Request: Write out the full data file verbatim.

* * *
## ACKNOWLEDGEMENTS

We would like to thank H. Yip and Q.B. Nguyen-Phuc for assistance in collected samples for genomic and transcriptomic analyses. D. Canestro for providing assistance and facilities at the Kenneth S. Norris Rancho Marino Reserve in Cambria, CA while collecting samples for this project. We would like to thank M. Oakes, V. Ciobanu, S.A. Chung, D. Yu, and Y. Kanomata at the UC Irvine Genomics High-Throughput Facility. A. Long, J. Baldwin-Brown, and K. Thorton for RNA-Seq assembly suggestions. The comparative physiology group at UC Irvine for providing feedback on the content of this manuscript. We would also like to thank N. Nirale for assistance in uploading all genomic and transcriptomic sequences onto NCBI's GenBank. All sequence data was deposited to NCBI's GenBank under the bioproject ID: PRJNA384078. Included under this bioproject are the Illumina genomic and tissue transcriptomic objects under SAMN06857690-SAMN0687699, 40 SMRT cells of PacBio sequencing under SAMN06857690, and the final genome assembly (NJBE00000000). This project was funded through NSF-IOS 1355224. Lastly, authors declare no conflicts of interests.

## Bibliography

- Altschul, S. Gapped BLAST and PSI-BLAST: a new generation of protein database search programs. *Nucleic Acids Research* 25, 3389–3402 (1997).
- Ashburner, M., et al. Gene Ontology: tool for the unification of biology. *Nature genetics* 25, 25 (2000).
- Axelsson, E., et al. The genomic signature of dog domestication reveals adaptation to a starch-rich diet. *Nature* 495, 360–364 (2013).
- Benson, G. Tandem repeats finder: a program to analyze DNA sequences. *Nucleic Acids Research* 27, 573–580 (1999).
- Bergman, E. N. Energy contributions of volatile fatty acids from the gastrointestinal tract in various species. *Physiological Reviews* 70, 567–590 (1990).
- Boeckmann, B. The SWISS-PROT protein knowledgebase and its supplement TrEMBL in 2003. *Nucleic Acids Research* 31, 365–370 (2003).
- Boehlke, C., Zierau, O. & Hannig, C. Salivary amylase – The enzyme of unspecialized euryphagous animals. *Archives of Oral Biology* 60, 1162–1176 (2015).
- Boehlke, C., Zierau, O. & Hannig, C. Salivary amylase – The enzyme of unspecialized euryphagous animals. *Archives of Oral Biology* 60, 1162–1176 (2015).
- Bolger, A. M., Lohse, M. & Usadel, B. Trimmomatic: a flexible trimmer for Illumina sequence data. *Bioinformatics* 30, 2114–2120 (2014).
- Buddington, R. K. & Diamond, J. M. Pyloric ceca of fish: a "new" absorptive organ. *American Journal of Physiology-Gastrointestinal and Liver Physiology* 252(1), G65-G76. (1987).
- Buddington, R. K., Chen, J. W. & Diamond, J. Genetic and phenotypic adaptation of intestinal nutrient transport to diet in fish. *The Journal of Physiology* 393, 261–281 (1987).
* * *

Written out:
## ACKNOWLEDGEMENTS

We would like to thank H. Yip and Q.B. Nguyen-Phuc for assistance in collected samples for genomic and transcriptomic analyses. D. Canestro for providing assistance and facilities at the Kenneth S. Norris Rancho Marino Reserve in Cambria, CA while collecting samples for this project. We would like to thank M. Oakes, V. Ciobanu, S.A. Chung, D. Yu, and Y. Kanomata at the UC Irvine Genomics High-Throughput Facility. A. Long, J. Baldwin-Brown, and K. Thorton for RNA-Seq assembly suggestions. The comparative physiology group at UC Irvine for providing feedback on the content of this manuscript. We would also like to thank N. Nirale for assistance in uploading all genomic and transcriptomic sequences onto NCBI's GenBank. All sequence data was deposited to NCBI's GenBank under the bioproject ID: PRJNA384078. Included under this bioproject are the Illumina genomic and tissue transcriptomic objects under SAMN06857690-SAMN0687699, 40 SMRT cells of PacBio sequencing under SAMN06857690, and the final genome assembly (NJBE00000000). This project was funded through NSF-IOS 1355224. Lastly, authors declare no conflicts of interests.

## Bibliography

- Altschul, S. Gapped BLAST and PSI-BLAST: a new generation of protein database search programs. *Nucleic Acids Research* 25, 3389–3402 (1997).
- Ashburner, M., et al. Gene Ontology: tool for the unification of biology. *Nature genetics* 25, 25 (2000).
- Axelsson, E., et al. The genomic signature of dog domestication reveals adaptation to a starch-rich diet. *Nature* 495, 360–364 (2013).
- Benson, G. Tandem repeats finder: a program to analyze DNA sequences. *Nucleic Acids Research* 27, 573–580 (1999).
- Bergman, E. N. Energy contributions of volatile fatty acids from the gastrointestinal tract in various species. *Physiological Reviews* 70, 567–590 (1990).
- Boeckmann, B. The SWISS-PROT protein knowledgebase and its supplement TrEMBL in 2003. *Nucleic Acids Research* 31, 365–370 (2003).
- Boehlke, C., Zierau, O. & Hannig, C. Salivary amylase – The enzyme of unspecialized euryphagous animals. *Archives of Oral Biology* 60, 1162–1176 (2015).
- Boehlke, C., Zierau, O. & Hannig, C. Salivary amylase – The enzyme of unspecialized euryphagous animals. *Archives of Oral Biology* 60, 1162–1176 (2015).
- Bolger, A. M., Lohse, M. & Usadel, B. Trimmomatic: a flexible trimmer for Illumina sequence data. *Bioinformatics* 30, 2114–2120 (2014).
- Buddington, R. K. & Diamond, J. M. Pyloric ceca of fish: a "new" absorptive organ. *American Journal of Physiology-Gastrointestinal and Liver Physiology* 252(1), G65-G76. (1987).
- Buddington, R. K., Chen, J. W. & Diamond, J. Genetic and phenotypic adaptation of intestinal nutrient transport to diet in fish. *The Journal of Physiology* 393, 261–281 (1987).